2. T4 Test - Thyroxine is used to evaluate the treatment of thyroid problems and to screen for hypothyroidism and hyperthyroidism. While high T4 levels may signify hyperthyroidism, low T4 levels are seen with hypothyroidism. Adults should have T4 levels between 5.0 and 11.0 ug/dL. (micrograms per deciliter of blood).
  3. Free T4 Test - Free T4 (FT4), also known as free thyroxine, is a way to quantify T4 that does not rely on proteins that naturally bind the hormone and could lead to inaccurate results. Adults should have FT4 levels between 0.9 and 1.7 ng/dL. (nanograms per deciliter of blood)
  4. T3 Test - Triiodothyronine tests are used to identify hyperthyroidism or to assess its severity. Although elevated T3 levels in hyperthyroidism make it easier to diagnose and treat the condition, low T3 levels can also be seen in hypothyroidism. Range of normal T3: 100 to 200 ng/dL (nanograms per deciliter of blood).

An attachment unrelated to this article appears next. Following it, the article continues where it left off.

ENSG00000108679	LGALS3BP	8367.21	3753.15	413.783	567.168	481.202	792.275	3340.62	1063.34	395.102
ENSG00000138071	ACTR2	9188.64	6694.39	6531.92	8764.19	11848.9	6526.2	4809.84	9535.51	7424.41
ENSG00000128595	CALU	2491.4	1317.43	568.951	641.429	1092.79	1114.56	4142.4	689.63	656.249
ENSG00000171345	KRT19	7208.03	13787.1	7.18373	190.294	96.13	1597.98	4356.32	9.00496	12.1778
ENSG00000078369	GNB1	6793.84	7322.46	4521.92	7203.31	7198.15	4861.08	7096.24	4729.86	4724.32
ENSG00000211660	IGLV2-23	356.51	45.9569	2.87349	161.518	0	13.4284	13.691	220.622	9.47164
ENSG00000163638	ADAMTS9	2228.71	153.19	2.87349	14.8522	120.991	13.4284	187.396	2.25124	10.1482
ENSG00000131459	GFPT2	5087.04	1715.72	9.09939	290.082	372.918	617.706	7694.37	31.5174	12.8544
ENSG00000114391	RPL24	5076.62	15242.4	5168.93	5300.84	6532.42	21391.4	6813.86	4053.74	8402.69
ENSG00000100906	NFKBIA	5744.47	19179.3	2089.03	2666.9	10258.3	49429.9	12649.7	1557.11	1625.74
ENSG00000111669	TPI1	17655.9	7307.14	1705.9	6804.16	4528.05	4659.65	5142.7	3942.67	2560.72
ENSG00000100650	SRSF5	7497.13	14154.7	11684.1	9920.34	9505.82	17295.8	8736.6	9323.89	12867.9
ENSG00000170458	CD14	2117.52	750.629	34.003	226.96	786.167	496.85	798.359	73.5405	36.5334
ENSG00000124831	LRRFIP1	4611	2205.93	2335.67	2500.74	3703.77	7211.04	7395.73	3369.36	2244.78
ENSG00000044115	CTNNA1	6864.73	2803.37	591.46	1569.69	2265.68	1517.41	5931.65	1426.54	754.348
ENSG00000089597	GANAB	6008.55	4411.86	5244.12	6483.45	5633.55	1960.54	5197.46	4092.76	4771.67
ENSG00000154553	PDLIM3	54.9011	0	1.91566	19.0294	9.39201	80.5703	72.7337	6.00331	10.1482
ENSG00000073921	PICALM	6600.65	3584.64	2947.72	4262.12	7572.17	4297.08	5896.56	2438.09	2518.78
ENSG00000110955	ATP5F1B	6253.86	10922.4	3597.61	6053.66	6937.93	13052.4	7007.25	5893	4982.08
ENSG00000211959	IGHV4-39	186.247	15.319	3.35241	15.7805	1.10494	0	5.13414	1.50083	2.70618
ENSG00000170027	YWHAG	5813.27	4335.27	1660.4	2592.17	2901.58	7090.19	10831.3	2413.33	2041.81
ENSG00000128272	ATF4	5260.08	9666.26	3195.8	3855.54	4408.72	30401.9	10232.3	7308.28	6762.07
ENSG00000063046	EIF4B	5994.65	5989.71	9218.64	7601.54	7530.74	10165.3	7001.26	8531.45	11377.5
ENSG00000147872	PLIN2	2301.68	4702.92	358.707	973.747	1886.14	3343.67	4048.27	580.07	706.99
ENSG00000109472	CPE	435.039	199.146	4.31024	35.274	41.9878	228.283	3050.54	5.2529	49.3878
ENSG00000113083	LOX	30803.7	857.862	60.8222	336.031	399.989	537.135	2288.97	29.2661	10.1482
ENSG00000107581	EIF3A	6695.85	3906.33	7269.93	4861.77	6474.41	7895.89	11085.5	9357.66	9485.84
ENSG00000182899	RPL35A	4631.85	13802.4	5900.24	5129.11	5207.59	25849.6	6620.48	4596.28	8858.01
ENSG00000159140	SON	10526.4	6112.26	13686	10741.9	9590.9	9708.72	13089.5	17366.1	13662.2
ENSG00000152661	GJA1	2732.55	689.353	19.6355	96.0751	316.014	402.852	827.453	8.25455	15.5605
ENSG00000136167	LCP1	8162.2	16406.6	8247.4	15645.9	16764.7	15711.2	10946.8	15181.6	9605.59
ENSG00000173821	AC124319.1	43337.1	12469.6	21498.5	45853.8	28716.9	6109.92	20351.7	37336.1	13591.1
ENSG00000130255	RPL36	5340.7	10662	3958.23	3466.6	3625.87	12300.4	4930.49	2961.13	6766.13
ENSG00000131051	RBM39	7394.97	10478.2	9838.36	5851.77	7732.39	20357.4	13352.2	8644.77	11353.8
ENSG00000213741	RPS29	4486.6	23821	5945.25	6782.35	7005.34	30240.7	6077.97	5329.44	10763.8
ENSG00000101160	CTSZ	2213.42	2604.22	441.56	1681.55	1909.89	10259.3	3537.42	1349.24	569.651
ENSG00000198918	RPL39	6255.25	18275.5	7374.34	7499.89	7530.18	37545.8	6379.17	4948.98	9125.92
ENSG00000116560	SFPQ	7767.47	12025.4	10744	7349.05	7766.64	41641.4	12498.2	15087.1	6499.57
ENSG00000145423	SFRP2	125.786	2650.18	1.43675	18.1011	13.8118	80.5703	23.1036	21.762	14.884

5. Free T3 Test - Free T3 (FT3), also known as free triiodothyronine, is a way to quantify T3 that does not rely on proteins that naturally bind the substance and could lead to inaccurate results. Range of the normal FT3: 2.3 to 4.1 pg/mL (picograms per millilitre of blood)
  • Imaging tests

In many cases, taking a look at the thyroid itself can answer a lot of questions. Your doctor may perform a thyroid scan, which is an imaging test. This enables your medical professional to examine your thyroid and search for any changes in size, shape, or growths (nodules).